Just 10% Deposit to Stake on Ethereum 2.0 – Trustnodes

Just 10% Deposit to Stake on Ethereum 2.0

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Ethereum 2.0 staking minimum deposits, Nov 2020

Just above 10% of the required minimum amount has been deposited to stake on ethereum 2.0 as of writing.

Some 58,529 eth, worth $27 million, has been deposited out of a required 524,288 eth or about $240 million at the current price.

That’s some eight days after the deposit contract officially launched, with just about a week and a half left to go until the earliest time the eth 2.0 genesis block can go live on December 1st.

Devs have entered a requirement for the minimum amount to be met seven days before the genesis block automatically goes live, meaning the earliest that the minimum amount can meaningfully be met is 24th of November.

If it goes at this rate, by then there would probably be just 150,000 eth, far less than the 500,000 required.

The contract then is rolling, with just the minimum eth amount required for the genesis block to launch seven days after.

At this rate, that would take months, with prospective stakers clearly not in a hurry to send their eth.

There’s a few likely reasons for that. Staking providers like Coinbase or Bitcoin Suisse are unlikely to offer the service before phase 0 of ethereum 2.0 runs in a stable manner for at least some weeks.

Meaning prospective stakers currently need to know some basic coding to be able to run the command line as well as their own eth1 and eth2 nodes.

The inherent uncertainty on how the launch will go may also be keeping prospective stakers out as like service providers they too might want to see the network stably running first.

However, ethereum’s co-founder Vitalik Buterin, says: “Penalties for the early months of ETH2 have been reduced to 1/3 to 1/4 of their Medalla levels. And if 524,288 ETH participate, rewards are ~25% APR.

So in fact even if you somehow get slashed ~3 weeks after you join, staking would still probably be net-profitable.”

Meaning even if there is initially a case of non-finality, during which the network effectively stops running while penalizing stakers, the penalties would be way smaller initially to counter the presumably higher risk of initial non-finality.

The greatest risk for stakers is obviously the lockup period. Calculations here are very complex because there are many unknowns, starting with just how long the lockup period will be.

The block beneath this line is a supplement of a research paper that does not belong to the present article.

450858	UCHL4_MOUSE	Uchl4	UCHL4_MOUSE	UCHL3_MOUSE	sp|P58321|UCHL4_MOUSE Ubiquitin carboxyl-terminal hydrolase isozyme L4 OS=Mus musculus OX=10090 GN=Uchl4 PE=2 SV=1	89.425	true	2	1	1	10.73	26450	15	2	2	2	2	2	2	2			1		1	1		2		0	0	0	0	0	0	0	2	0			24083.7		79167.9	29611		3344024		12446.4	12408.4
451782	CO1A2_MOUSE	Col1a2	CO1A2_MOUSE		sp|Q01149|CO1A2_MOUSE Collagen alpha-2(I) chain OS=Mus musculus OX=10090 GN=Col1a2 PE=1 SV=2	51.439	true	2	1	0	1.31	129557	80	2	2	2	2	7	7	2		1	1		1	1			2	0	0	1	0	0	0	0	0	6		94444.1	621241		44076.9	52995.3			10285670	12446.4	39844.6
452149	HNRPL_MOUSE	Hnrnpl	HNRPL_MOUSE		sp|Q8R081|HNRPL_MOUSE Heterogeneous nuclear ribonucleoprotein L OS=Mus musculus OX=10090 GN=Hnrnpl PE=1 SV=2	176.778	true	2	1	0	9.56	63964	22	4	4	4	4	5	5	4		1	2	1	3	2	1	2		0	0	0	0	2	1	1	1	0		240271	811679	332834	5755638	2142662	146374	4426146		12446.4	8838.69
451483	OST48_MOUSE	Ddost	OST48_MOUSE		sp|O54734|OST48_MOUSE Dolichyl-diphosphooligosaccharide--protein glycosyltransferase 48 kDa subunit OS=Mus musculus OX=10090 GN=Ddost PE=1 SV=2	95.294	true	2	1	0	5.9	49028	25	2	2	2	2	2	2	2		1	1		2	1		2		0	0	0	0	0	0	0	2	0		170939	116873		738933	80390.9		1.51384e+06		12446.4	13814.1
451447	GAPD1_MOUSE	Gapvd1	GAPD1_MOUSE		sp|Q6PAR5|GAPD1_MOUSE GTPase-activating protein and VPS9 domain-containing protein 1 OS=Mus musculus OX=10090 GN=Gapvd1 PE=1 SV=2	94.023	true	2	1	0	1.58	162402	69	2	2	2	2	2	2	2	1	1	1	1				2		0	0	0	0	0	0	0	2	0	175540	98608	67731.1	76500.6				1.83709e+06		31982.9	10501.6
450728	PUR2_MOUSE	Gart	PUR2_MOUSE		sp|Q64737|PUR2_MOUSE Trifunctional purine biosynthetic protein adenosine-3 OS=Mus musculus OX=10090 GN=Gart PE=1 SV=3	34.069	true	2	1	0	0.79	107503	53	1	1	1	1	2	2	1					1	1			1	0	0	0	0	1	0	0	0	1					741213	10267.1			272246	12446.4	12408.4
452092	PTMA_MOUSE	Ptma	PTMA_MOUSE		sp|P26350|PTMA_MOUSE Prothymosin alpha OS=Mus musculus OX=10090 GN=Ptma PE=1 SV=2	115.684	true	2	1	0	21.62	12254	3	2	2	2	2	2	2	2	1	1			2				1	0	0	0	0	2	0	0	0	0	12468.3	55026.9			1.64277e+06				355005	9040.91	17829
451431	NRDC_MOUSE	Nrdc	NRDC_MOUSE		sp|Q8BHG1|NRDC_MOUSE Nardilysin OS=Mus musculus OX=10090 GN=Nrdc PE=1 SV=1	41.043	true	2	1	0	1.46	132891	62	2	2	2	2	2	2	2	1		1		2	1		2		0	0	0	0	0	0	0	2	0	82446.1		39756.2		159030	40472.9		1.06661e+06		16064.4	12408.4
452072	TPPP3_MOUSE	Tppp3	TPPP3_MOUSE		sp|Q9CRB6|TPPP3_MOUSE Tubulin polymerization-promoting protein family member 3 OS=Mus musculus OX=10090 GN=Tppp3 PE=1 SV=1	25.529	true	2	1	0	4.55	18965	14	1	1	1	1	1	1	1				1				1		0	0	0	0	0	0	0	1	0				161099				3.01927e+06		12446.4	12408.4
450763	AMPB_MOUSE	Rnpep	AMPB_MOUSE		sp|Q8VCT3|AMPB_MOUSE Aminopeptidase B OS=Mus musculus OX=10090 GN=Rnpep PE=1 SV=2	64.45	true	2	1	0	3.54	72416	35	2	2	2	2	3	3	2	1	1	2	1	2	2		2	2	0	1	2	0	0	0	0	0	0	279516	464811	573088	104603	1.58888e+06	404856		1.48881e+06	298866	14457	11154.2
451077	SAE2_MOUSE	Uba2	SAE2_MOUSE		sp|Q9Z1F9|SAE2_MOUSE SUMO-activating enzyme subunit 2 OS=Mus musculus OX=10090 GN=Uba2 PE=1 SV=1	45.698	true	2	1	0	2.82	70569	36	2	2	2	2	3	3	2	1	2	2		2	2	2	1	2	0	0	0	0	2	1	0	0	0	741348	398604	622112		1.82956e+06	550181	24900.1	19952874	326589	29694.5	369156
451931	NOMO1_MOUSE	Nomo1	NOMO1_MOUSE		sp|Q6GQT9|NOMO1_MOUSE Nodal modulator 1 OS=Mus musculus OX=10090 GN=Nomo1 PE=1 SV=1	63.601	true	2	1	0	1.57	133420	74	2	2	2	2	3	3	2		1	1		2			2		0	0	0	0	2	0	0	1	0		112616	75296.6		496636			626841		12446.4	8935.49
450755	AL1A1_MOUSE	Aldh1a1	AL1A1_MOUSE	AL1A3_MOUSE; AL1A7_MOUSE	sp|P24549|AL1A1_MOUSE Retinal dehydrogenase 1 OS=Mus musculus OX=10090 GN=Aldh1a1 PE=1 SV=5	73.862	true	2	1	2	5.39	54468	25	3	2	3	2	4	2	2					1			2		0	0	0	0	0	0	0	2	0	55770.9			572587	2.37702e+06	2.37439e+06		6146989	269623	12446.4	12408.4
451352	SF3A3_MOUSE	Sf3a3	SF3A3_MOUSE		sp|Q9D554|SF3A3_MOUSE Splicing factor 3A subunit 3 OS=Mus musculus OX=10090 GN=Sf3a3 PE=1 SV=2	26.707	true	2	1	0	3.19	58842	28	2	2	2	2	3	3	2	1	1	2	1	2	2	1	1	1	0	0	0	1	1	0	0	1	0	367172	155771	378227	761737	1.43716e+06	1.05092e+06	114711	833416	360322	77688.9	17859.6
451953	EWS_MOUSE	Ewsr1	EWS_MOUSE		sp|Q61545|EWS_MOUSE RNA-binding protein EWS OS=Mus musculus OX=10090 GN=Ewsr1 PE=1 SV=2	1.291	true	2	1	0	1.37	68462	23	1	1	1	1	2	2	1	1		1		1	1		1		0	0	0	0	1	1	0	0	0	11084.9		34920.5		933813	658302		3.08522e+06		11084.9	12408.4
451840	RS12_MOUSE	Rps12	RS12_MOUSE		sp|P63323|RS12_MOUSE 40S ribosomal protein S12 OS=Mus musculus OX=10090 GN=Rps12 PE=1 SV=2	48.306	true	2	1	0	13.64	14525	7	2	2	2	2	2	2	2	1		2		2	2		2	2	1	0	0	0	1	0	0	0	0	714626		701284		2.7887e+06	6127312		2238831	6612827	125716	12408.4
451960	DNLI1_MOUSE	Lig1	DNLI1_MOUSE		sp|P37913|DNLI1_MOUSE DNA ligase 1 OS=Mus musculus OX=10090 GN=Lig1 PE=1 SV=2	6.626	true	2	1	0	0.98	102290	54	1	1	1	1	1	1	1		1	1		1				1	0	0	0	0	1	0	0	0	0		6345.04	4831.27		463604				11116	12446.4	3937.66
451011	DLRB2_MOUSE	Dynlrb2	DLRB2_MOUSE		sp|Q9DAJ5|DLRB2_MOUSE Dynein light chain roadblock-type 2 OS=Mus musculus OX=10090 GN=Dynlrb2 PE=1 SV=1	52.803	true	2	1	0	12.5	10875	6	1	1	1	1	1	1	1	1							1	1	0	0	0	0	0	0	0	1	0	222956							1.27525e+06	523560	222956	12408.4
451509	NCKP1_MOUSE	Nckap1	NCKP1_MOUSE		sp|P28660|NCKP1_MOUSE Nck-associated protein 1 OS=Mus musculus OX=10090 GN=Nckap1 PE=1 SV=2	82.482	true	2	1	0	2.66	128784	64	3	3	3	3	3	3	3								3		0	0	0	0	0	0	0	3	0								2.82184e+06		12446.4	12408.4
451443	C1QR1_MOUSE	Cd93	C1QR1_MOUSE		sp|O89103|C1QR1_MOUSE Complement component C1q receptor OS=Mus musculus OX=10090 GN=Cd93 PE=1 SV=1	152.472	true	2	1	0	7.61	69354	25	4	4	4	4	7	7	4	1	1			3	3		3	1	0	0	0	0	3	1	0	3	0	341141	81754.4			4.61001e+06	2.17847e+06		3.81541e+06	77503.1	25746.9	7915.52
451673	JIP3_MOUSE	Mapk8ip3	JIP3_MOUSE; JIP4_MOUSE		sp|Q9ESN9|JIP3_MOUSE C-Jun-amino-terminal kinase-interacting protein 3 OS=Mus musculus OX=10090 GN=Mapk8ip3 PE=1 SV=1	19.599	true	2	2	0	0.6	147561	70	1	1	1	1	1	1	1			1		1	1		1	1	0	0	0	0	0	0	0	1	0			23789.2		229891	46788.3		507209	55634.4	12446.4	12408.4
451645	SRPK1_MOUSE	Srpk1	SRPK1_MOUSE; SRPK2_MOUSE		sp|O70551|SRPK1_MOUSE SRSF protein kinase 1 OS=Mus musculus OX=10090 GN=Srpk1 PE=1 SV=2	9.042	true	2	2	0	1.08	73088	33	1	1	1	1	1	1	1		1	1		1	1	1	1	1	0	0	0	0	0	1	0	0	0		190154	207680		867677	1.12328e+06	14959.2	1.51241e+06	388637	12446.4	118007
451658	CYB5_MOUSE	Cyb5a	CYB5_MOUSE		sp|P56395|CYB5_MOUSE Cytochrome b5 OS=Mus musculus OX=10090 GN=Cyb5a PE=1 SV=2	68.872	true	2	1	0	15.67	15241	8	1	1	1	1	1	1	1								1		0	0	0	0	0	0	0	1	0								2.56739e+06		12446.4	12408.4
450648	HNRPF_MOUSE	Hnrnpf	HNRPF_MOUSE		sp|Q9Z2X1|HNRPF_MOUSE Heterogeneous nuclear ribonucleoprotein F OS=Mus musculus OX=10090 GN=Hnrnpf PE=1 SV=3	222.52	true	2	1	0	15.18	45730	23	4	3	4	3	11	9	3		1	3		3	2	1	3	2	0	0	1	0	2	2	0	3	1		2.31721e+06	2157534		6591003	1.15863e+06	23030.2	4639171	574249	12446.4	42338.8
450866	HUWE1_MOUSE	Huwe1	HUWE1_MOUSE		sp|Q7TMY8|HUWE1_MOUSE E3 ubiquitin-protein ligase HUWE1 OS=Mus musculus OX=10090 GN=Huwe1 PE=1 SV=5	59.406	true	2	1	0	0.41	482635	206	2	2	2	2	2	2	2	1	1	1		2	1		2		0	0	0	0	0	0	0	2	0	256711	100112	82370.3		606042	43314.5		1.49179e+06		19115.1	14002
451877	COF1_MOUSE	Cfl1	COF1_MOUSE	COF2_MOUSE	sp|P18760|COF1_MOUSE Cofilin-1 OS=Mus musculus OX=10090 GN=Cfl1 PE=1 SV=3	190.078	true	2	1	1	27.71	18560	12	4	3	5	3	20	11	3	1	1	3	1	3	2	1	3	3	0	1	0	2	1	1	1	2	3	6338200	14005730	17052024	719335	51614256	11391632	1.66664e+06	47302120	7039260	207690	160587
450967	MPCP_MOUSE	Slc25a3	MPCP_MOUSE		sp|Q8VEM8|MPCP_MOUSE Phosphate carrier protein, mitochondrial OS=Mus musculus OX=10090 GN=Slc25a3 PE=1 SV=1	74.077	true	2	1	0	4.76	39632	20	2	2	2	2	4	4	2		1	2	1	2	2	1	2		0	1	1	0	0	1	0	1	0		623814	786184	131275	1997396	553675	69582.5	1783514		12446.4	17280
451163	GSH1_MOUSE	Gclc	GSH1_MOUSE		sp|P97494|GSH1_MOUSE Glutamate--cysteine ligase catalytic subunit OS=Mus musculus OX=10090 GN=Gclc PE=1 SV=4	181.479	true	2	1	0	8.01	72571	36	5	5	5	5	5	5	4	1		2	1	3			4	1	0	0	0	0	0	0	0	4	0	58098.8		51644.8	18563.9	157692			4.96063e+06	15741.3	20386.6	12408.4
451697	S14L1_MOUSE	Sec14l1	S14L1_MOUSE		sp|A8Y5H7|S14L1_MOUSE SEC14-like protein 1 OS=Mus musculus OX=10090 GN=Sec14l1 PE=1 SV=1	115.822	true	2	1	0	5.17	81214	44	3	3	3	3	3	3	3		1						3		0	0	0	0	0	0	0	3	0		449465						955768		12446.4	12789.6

At this point, the best one can do is estimate, with ours being at least two years and even then, optimistically speaking.

That’s because phase one needs to go out first, and that’s storage sharding. That probably won’t go out next year because you need to finalize the spec for phase one, code it up, audit it all, testrun it publicly, and then finally upgrade.

After that is the merger. That’s the launch of full on Proof of Stake (PoS) by changing the RPC call from eth1’s miners to eth2’s stakers.

That’s a big event because it slashes inflation to just 0.22% a year from a current 4% a year, but at the same time it releases all these staking eth which finally can move as normal like current eth.

Until this merger, this staking eth can’t be transferred, can’t be traded on exchanges, and basically can’t do anything but watch the PoW blocks.

So if one wants to stake they also need to be sure they are happy to hold their eth for at least two years, but potentially three depending on how developments unfold.

During those two years they can’t participate in price setting. In addition, although initial stakers may receive 25% a year if there is just the minimum of them at 500,000 eth, that return reduces significantly if say another 500,000 eth is deposited, or another one million, etc.

Once you deposit, you have no say on what then happens as you can’t take out your eth because the returns are now suddenly too low because a lot of eth has been deposited as there is only one way initially.

So the decision of whether to stake or otherwise should be made very carefully and in a very considerate manner of the many factors that may come into play over two years.

Hence it’s perhaps not that surprising that only about 10% of the minimum has currently been met considering stakers are making fairly big decisions that span years with substantial sums of actual money.

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